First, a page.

• Their understanding of the Pope’s intentions are correct.
  • Their understanding of prior Church teaching is correct when contrasting it with what the Pope says and does.

But these accusations are not proven. They are merely assumed. The Pope is assumed to be guilty and no matter what he may say or do that defends the faith, this will be ignored while whatever sounds strange to them is assumed to be proof that the Pope is a menace to the Church that must be opposed. The problem is, the so-called “evidence” is only evidence if the accusation is true—which has to be proven, not assumed. As Aristotle once put it:

This is what those persons do who suppose [5] that they are constructing parallel straight lines: for they fail to see that they are assuming facts which it is impossible to demonstrate unless the parallels exist. So it turns out that those who reason thus merely say a particular thing is, if it is: in this way everything will be self-evident. But that is impossible. (Pr. and Post. Anal. 65.1.1–9)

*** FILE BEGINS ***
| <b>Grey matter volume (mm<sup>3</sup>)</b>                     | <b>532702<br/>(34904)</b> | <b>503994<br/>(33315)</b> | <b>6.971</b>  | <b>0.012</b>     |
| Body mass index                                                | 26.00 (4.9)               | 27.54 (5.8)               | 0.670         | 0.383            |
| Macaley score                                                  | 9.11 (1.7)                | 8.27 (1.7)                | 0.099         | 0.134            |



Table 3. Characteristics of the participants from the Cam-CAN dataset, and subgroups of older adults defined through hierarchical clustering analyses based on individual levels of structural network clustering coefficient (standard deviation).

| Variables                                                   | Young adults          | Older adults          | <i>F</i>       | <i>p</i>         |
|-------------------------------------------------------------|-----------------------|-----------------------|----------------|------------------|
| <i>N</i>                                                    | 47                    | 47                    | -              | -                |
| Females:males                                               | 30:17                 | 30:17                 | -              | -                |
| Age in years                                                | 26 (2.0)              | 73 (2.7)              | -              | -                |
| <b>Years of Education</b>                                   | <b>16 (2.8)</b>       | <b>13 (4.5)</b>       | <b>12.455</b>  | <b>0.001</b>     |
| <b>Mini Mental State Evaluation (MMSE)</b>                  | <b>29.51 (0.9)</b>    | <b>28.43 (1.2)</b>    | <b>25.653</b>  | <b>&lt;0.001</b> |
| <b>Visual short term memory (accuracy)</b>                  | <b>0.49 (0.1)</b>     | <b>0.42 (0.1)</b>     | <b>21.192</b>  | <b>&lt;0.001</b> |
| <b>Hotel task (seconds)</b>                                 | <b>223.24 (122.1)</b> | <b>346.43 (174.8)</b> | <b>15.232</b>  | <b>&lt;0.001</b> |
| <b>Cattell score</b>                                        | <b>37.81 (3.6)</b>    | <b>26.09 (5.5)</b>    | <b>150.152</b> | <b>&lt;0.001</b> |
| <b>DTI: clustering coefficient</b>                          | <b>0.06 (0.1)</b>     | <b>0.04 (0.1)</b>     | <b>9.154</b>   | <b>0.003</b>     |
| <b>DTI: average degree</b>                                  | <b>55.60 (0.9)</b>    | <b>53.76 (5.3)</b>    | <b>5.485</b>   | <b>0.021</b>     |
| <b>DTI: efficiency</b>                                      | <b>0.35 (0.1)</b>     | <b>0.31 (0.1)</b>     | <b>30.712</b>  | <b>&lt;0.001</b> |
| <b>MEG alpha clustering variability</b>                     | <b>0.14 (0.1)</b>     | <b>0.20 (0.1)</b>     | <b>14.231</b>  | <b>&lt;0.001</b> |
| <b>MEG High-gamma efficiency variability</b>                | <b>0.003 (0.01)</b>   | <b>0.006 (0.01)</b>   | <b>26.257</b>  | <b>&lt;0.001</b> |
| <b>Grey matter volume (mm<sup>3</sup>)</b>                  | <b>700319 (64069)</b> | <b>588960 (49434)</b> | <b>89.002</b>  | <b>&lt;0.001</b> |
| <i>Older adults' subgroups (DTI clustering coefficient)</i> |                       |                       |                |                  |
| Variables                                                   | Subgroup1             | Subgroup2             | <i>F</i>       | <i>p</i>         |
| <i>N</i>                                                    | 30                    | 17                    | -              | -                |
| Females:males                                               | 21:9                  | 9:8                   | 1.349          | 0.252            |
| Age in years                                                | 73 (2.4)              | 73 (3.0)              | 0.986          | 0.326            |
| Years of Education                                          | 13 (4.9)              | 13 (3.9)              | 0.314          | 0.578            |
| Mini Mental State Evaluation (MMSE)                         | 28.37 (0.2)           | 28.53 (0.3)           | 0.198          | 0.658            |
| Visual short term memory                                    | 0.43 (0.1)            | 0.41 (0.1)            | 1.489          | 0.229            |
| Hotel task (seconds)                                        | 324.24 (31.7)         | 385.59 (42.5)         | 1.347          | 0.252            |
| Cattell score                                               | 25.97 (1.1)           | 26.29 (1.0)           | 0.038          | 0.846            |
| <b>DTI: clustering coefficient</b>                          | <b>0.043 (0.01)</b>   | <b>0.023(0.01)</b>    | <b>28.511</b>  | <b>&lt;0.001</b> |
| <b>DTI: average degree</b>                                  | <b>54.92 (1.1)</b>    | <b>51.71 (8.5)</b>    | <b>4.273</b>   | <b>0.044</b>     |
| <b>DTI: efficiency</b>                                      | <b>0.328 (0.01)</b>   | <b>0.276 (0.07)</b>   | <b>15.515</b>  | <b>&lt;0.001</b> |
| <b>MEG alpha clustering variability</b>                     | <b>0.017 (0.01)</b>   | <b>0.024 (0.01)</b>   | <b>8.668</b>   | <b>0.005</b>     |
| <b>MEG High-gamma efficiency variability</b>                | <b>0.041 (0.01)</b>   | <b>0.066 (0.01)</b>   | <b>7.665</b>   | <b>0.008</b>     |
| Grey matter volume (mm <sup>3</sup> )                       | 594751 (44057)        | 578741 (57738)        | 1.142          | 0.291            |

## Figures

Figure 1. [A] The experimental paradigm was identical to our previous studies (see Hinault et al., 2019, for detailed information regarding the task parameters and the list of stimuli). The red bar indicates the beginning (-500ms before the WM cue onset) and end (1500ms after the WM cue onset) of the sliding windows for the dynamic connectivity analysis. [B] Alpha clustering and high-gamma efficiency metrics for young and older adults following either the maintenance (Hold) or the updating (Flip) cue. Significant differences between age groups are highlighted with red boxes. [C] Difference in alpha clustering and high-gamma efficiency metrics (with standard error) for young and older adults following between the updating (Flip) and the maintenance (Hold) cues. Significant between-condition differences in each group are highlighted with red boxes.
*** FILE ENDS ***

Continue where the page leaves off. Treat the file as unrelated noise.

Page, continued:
Aristotle, “ANALYTICA PRIORA,” in The Works of Aristotle, ed. W. D. Ross, trans. A. J. Jenkinson, vol. 1 (Oxford: The Clarendon Press, 1928).

This is a real problem when it comes to Catholics on the Internet today It is simply assumed that the individual interpretation of the Pope’s words and the words of his predecessors are correct and it is simply assumed that differences perceived between these interpretations is proof that the Pope intends to change the teaching of the Church. These assumptions are held as true when the individual interprets the words and actions of Pope Francis are heretical—but if the assumption is false, these are not proofs. 

That, in a nutshell, is the “Emperor has no clothes” moment of the accusation.

Who Are We to Believe? Ipse Dixit claims, not Facts, are the Source of the Accusations